Briefing

General Motors sells Ohio assembly plant to electric-vehicle startup

article-aa

Lordstown Motors plans to hire about 400 workers to build electric pickup trucks starting in 2020. The company will prioritize workers who were let go from the GM facility, which closed in March. It’s promising union representation and competitive wages. Neither party disclosed the sale price. (Reuters, New York Times)

Read this article for free

By entering your e-mail you consent to receiving commercial electronic messages from The Logic Inc. containing news, updates, offers or promotions about The Logic Inc.’s products and services. You can withdraw your consent at anytime. Please refer to our privacy policy or contact us for more details.

Already a subscriber?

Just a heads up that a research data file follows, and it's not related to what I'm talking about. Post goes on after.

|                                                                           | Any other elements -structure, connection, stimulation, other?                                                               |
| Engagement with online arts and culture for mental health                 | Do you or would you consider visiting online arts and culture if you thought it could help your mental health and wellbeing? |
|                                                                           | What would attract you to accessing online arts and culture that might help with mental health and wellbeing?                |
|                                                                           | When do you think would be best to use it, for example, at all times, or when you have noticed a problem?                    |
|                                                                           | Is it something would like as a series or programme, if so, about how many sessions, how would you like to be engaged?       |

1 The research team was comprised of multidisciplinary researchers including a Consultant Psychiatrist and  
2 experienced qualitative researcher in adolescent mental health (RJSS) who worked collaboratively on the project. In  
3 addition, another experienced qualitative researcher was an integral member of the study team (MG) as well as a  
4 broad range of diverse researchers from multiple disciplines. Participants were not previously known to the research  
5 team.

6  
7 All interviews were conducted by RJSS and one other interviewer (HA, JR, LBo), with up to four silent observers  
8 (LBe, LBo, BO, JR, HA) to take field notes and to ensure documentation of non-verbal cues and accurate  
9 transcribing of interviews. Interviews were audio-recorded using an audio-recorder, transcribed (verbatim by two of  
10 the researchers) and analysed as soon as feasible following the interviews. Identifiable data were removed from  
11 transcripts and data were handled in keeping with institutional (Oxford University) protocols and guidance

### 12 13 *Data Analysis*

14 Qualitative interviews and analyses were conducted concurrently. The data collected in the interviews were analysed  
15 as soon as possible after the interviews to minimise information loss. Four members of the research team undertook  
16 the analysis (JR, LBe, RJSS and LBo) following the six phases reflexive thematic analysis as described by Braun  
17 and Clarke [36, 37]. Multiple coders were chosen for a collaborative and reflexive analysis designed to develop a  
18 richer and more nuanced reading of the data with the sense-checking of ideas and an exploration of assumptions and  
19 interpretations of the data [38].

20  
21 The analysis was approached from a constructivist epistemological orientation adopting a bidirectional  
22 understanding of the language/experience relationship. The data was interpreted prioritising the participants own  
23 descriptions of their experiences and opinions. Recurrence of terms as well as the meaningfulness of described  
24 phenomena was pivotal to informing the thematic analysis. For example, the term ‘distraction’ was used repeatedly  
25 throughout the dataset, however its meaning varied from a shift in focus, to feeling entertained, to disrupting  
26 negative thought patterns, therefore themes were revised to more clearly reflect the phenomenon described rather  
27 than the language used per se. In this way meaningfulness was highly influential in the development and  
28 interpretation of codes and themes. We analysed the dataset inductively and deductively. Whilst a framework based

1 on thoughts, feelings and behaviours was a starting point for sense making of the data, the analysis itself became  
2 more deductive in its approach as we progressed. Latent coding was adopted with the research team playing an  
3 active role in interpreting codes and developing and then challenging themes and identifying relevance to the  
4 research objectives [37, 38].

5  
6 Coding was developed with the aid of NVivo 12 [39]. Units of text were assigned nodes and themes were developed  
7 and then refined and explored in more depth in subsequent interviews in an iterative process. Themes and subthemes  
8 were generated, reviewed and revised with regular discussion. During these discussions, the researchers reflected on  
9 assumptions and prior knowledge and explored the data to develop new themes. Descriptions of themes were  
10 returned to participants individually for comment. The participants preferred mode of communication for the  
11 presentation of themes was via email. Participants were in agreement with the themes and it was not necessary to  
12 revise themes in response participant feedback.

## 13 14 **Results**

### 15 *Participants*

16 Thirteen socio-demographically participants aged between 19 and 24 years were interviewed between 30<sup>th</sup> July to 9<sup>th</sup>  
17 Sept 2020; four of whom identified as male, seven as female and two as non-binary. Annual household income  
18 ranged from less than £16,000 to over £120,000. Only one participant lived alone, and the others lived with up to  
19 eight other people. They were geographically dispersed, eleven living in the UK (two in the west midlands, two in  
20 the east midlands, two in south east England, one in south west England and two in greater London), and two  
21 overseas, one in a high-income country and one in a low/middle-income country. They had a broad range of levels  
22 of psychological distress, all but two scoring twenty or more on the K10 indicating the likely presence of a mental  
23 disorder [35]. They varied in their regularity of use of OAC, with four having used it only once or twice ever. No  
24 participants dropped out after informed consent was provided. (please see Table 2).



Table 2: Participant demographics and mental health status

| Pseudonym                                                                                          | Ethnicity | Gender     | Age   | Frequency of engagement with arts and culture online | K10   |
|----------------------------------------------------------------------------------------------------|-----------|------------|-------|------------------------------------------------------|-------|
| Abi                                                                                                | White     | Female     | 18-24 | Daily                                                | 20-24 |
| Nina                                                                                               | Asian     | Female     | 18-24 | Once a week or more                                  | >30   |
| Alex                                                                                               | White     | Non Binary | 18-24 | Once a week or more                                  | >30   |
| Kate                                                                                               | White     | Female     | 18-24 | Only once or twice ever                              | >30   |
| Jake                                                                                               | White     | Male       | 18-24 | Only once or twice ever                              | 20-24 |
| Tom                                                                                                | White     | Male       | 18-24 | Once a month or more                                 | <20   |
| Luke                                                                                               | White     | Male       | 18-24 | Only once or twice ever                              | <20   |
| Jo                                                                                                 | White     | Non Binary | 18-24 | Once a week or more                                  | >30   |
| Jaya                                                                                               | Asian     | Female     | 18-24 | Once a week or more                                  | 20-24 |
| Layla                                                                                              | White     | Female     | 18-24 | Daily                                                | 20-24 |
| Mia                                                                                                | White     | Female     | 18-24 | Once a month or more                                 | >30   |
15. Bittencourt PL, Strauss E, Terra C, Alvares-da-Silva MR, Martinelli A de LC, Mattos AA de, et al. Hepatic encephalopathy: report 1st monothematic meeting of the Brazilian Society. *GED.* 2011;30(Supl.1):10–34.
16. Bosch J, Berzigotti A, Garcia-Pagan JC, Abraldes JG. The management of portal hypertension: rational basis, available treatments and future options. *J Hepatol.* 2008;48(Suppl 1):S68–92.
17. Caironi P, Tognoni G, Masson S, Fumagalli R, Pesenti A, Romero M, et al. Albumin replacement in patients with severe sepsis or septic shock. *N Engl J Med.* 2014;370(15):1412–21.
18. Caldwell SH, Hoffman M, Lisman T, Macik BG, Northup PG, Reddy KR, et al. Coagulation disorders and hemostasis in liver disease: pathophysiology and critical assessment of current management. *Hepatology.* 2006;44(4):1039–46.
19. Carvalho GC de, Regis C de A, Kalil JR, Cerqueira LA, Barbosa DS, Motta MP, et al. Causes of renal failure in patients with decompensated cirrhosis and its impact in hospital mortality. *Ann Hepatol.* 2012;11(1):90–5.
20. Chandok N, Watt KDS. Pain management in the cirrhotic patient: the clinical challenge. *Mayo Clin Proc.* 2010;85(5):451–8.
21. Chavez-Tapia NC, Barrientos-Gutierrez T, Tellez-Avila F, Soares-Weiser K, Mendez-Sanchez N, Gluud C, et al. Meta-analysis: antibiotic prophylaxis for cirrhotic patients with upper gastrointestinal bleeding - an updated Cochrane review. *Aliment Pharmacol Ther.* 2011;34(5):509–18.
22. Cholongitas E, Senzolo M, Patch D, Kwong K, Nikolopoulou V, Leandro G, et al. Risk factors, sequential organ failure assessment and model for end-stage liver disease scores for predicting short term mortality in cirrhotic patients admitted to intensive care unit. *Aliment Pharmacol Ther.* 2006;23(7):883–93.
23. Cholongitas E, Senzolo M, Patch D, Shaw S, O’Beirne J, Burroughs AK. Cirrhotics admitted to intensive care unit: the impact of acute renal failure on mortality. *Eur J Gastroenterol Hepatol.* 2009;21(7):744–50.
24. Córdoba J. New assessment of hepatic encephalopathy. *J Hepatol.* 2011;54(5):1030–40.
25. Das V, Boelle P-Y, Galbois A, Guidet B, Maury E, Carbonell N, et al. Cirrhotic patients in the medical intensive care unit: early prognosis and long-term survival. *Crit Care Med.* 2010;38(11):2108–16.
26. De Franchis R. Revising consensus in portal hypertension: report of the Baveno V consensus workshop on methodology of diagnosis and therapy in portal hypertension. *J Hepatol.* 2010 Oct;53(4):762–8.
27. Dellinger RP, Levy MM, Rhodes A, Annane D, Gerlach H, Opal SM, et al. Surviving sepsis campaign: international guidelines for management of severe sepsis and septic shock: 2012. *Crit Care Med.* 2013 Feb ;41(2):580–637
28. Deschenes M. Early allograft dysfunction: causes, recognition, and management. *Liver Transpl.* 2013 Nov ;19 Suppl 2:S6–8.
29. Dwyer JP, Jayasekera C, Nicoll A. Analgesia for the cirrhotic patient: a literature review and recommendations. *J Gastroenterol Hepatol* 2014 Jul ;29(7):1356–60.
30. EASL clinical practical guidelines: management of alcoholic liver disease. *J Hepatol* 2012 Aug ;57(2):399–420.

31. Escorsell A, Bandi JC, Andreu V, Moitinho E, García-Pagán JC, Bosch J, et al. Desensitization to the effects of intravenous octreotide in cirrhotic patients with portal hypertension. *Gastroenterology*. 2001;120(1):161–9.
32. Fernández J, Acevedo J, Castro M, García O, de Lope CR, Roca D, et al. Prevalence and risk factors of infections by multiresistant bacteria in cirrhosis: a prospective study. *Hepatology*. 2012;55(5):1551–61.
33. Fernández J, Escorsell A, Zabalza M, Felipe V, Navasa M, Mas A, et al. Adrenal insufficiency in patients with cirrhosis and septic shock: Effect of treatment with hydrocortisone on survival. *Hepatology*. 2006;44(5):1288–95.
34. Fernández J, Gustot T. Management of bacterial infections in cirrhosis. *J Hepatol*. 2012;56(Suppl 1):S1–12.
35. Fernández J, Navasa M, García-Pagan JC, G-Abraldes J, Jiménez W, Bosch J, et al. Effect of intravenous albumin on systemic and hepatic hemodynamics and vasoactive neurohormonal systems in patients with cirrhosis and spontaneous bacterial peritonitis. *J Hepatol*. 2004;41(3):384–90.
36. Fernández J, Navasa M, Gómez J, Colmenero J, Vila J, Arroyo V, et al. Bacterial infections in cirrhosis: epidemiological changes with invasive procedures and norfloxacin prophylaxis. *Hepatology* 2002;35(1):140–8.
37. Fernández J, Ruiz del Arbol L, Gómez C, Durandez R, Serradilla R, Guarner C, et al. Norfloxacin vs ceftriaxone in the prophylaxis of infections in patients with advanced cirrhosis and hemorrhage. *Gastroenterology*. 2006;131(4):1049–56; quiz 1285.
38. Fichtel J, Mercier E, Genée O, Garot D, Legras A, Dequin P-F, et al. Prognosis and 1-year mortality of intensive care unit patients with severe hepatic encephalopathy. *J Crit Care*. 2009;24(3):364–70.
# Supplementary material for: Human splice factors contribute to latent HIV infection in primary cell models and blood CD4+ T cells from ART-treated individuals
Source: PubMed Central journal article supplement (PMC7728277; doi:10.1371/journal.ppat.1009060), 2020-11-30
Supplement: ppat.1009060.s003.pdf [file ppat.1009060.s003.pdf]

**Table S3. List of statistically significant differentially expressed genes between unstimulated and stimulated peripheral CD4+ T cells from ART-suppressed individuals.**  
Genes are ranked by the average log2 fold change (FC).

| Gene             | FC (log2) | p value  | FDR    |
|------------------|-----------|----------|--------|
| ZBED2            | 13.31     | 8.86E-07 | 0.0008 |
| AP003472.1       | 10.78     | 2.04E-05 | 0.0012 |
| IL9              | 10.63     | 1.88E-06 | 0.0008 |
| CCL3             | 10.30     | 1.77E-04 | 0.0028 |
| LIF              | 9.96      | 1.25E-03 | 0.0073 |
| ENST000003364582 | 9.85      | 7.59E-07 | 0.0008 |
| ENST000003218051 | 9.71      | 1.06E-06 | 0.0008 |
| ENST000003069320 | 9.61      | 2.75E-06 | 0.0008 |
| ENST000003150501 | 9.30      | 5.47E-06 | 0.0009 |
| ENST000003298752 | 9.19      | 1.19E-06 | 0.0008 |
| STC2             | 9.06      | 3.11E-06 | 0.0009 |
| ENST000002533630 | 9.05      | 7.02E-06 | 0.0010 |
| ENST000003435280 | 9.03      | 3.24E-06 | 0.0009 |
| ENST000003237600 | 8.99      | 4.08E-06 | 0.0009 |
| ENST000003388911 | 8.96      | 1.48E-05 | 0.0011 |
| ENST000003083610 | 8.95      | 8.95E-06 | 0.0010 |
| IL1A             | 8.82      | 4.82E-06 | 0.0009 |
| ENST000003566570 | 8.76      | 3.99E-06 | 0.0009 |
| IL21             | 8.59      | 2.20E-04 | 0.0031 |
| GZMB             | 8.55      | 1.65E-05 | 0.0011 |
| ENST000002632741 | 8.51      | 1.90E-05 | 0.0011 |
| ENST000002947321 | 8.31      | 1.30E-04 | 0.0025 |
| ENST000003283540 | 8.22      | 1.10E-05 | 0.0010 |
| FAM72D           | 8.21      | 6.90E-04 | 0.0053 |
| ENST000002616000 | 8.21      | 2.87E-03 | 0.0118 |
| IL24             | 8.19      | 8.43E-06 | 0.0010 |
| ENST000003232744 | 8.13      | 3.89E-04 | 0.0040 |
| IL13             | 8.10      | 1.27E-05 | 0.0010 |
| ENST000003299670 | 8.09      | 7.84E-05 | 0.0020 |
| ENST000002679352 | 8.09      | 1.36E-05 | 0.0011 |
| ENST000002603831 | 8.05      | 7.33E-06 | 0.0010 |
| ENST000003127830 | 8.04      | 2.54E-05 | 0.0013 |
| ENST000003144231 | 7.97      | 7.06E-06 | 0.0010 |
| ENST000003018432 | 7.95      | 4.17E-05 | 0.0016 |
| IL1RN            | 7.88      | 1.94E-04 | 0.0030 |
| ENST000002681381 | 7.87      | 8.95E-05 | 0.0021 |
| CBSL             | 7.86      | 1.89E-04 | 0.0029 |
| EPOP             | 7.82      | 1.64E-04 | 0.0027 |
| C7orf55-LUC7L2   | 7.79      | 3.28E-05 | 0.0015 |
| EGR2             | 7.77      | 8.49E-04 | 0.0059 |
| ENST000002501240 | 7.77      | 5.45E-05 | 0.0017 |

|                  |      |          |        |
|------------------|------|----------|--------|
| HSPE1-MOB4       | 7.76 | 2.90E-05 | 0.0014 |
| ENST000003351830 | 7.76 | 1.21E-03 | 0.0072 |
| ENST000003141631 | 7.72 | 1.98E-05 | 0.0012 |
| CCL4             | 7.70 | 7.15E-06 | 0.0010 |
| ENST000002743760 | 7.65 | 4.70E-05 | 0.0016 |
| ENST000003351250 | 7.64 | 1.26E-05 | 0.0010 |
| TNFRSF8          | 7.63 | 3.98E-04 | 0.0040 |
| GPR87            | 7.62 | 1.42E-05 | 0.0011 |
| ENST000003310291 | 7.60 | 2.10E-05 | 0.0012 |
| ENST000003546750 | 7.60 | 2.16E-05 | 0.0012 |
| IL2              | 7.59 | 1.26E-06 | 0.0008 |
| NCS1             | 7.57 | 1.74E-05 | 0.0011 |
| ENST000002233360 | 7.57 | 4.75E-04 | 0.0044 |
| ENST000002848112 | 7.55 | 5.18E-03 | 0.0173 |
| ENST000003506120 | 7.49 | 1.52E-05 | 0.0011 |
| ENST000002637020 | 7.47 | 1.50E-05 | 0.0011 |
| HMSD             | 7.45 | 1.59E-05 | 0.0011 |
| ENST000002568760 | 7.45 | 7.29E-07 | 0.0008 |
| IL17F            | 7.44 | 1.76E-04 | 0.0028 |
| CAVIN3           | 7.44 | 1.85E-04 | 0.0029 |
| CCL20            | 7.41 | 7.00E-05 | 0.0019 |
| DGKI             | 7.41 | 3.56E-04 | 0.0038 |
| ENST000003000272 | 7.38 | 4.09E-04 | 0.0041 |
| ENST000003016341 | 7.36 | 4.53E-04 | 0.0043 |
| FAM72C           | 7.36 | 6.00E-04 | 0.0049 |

Talking point: The announcement comes two weeks after GM workers ended a six-week strike across the U.S., which included unsuccessful negotiations to keep the Ohio plant open and salvage the 3,000 jobs at the facility. The company instead said it will build a electric-battery factory that would create 1,000 jobs in the town. The facility’s new ownership is symbolic of a broad shift in the auto industry that’s also being felt in Southern Ontario. While GM announced the closure of its Oshawa, Ont. plant last year, laying off almost 3,000 workers, the company is focusing resources on a technology centre nearby in Markham, where it’s developing self-driving technology and entertainment systems for vehicles. The higher-tech businesses aren’t employing as many people as their legacy predecessors, however. To try and fill the gap in Oshawa, the provincial government launched a centre to retrain laid-off GM workers for new jobs in the sector.